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Friedman Doctrine

The Friedman Doctrine, also referred to as the shareholder theory or profit maximization principle, is an economic concept developed by the prominent American economist, Milton Friedman, during the latter half of the 20th century. It serves as a guiding principle for understanding the role of corporations within the broader socioeconomic context.


The Friedman Doctrine posits that the primary and overarching responsibility of a corporation is to maximize profits for its shareholders. According to this perspective, the pursuit of profits is the driving force behind a corporation’s decision-making process, while other potential stakeholders, such as employees, communities, and the environment, are considered secondary to shareholders’ interests.

Conceptual Underpinnings:

Friedman’s doctrine is based on the fundamental premise that the purpose of a corporation is to generate profits for its owners, who are the shareholders. In this view, shareholders are seen as the true owners of a corporation and as such, the corporation operates as a profit-maximizing entity on their behalf.


The Friedman Doctrine has profound implications for several areas of business and economics:

  1. Economic Efficiency: By emphasizing profit maximization, the doctrine argues that corporations should focus on producing goods and services efficiently, leading to overall economic growth and improving living standards. This efficiency is believed to be achieved through competitive markets and limited government intervention.
  2. Ethical Responsibility: The doctrine asserts that corporations should refrain from engaging in activities that are not directly related to maximizing profits for shareholders. It proposes that corporations should operate within the legal framework and obey laws and regulations, but they should not take on responsibilities that are deemed to be the role of governments, such as addressing social and environmental concerns.
  3. Shareholder Value: The Friedman Doctrine places significant importance on the value of shareholders’ investments. It suggests that by prioritizing shareholders’ interests, corporations indirectly benefit other stakeholders, such as employees and suppliers, through job creation and economic growth.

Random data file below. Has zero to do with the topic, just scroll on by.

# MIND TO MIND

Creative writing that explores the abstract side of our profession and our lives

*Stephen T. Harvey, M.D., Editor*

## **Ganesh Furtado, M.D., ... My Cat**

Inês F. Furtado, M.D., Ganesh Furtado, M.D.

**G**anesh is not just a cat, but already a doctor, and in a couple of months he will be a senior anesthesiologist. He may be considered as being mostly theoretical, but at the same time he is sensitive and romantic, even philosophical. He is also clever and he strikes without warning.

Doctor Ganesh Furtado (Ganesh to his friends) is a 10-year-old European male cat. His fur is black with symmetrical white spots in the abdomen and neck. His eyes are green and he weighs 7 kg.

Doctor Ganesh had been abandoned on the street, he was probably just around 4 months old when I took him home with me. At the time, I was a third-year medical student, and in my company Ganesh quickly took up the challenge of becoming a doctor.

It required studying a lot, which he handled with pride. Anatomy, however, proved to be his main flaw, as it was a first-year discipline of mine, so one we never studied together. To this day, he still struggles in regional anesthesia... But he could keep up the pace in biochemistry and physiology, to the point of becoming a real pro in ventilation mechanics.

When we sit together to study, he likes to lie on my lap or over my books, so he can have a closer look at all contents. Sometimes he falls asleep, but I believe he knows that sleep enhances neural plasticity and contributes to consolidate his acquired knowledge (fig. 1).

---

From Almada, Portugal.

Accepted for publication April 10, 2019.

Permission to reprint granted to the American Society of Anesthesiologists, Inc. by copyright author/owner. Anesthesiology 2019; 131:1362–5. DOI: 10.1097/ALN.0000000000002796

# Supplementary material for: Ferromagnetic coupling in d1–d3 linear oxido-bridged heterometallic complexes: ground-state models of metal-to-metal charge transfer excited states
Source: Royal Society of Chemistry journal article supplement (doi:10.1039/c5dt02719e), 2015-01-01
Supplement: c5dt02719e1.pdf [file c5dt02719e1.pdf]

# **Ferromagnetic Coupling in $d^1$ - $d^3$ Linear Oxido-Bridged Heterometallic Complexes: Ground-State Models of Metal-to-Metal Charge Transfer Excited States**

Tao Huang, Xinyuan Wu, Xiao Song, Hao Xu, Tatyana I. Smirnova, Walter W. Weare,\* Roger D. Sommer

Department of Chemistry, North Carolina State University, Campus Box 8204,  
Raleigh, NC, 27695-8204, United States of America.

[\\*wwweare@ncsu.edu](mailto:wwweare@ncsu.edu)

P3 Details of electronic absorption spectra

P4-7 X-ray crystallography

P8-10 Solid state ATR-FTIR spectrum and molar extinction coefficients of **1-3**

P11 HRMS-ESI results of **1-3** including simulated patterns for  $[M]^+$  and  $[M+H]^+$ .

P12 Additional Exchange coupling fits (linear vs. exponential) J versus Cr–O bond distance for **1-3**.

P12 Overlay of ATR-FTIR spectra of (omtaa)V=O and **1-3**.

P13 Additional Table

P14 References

Critiques and Counterarguments:

While the Friedman Doctrine has gained prominence and support among many economists and business leaders, it also faces criticism and counterarguments. Some of the main critiques are:

  1. Narrow Focus: Critics argue that the sole focus on maximizing shareholder profits overlooks other important aspects of a corporation’s impact, such as social and environmental consequences. They contend that corporations should be accountable to a broader set of stakeholders, including employees, customers, communities, and the environment.
  2. Long-Term Sustainability: Critics argue that an exclusive focus on short-term profit maximization may lead to unethical practices, neglect of social and environmental factors, and an unsustainable approach to business. They advocate for a more balanced approach that considers long-term sustainability and the well-being of all stakeholders.
  3. Social Contract: Opponents claim that a corporation’s existence relies on the implicit social contract between businesses and society. They argue that corporations should actively engage in corporate social responsibility and contribute positively to society, rather than solely focusing on shareholder profits.

In conclusion, the Friedman Doctrine, or profit maximization principle, is an economic concept advanced by Milton Friedman, positioning the maximization of shareholder profits as the primary responsibility of corporations. While this doctrine has shaped the thinking of many economists and business leaders, it faces criticism for its narrow focus and potential disregard for broader ethical, social, and environmental considerations. The ongoing debate over the role of corporations and their responsibilities to various stakeholders continues to shape the landscape of modern business and finance.